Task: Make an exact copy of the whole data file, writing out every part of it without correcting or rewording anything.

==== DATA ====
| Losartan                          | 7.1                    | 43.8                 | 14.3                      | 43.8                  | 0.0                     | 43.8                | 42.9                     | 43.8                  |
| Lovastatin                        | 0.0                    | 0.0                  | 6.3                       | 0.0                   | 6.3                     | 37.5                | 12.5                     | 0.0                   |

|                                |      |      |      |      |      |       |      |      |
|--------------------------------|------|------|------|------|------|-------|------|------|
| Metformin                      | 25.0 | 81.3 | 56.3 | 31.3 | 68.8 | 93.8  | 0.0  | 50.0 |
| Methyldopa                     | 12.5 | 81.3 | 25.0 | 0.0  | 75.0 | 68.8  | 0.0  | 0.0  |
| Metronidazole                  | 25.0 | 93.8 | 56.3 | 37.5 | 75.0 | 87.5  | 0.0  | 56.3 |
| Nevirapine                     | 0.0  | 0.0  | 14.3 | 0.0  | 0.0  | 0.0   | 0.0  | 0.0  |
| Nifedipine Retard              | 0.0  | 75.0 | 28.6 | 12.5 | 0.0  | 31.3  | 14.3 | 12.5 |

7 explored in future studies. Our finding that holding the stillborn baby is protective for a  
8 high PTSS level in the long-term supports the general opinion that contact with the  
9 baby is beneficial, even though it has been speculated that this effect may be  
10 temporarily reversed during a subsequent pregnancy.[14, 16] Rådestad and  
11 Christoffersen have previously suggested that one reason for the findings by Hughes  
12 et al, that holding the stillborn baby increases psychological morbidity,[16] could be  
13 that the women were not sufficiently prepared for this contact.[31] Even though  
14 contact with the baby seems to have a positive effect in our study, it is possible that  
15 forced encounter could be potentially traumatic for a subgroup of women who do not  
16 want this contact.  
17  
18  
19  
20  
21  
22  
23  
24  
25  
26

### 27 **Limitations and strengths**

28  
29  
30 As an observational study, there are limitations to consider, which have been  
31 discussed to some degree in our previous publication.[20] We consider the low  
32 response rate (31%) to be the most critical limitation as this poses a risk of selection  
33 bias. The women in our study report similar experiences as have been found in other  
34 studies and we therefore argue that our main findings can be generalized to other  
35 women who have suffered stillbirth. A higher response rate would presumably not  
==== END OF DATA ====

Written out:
| Losartan                          | 7.1                    | 43.8                 | 14.3                      | 43.8                  | 0.0                     | 43.8                | 42.9                     | 43.8                  |
| Lovastatin                        | 0.0                    | 0.0                  | 6.3                       | 0.0                   | 6.3                     | 37.5                | 12.5                     | 0.0                   |

|                                |      |      |      |      |      |       |      |      |
|--------------------------------|------|------|------|------|------|-------|------|------|
| Metformin                      | 25.0 | 81.3 | 56.3 | 31.3 | 68.8 | 93.8  | 0.0  | 50.0 |
| Methyldopa                     | 12.5 | 81.3 | 25.0 | 0.0  | 75.0 | 68.8  | 0.0  | 0.0  |
| Metronidazole                  | 25.0 | 93.8 | 56.3 | 37.5 | 75.0 | 87.5  | 0.0  | 56.3 |
| Nevirapine                     | 0.0  | 0.0  | 14.3 | 0.0  | 0.0  | 0.0   | 0.0  | 0.0  |
| Nifedipine Retard              | 0.0  | 75.0 | 28.6 | 12.5 | 0.0  | 31.3  | 14.3 | 12.5 |

7 explored in future studies. Our finding that holding the stillborn baby is protective for a  
8 high PTSS level in the long-term supports the general opinion that contact with the  
9 baby is beneficial, even though it has been speculated that this effect may be  
10 temporarily reversed during a subsequent pregnancy.[14, 16] Rådestad and  
11 Christoffersen have previously suggested that one reason for the findings by Hughes  
12 et al, that holding the stillborn baby increases psychological morbidity,[16] could be  
13 that the women were not sufficiently prepared for this contact.[31] Even though  
14 contact with the baby seems to have a positive effect in our study, it is possible that  
15 forced encounter could be potentially traumatic for a subgroup of women who do not  
16 want this contact.  
17  
18  
19  
20  
21  
22  
23  
24  
25  
26

### 27 **Limitations and strengths**

28  
29  
30 As an observational study, there are limitations to consider, which have been  
31 discussed to some degree in our previous publication.[20] We consider the low  
32 response rate (31%) to be the most critical limitation as this poses a risk of selection  
33 bias. The women in our study report similar experiences as have been found in other  
34 studies and we therefore argue that our main findings can be generalized to other  
35 women who have suffered stillbirth. A higher response rate would presumably not  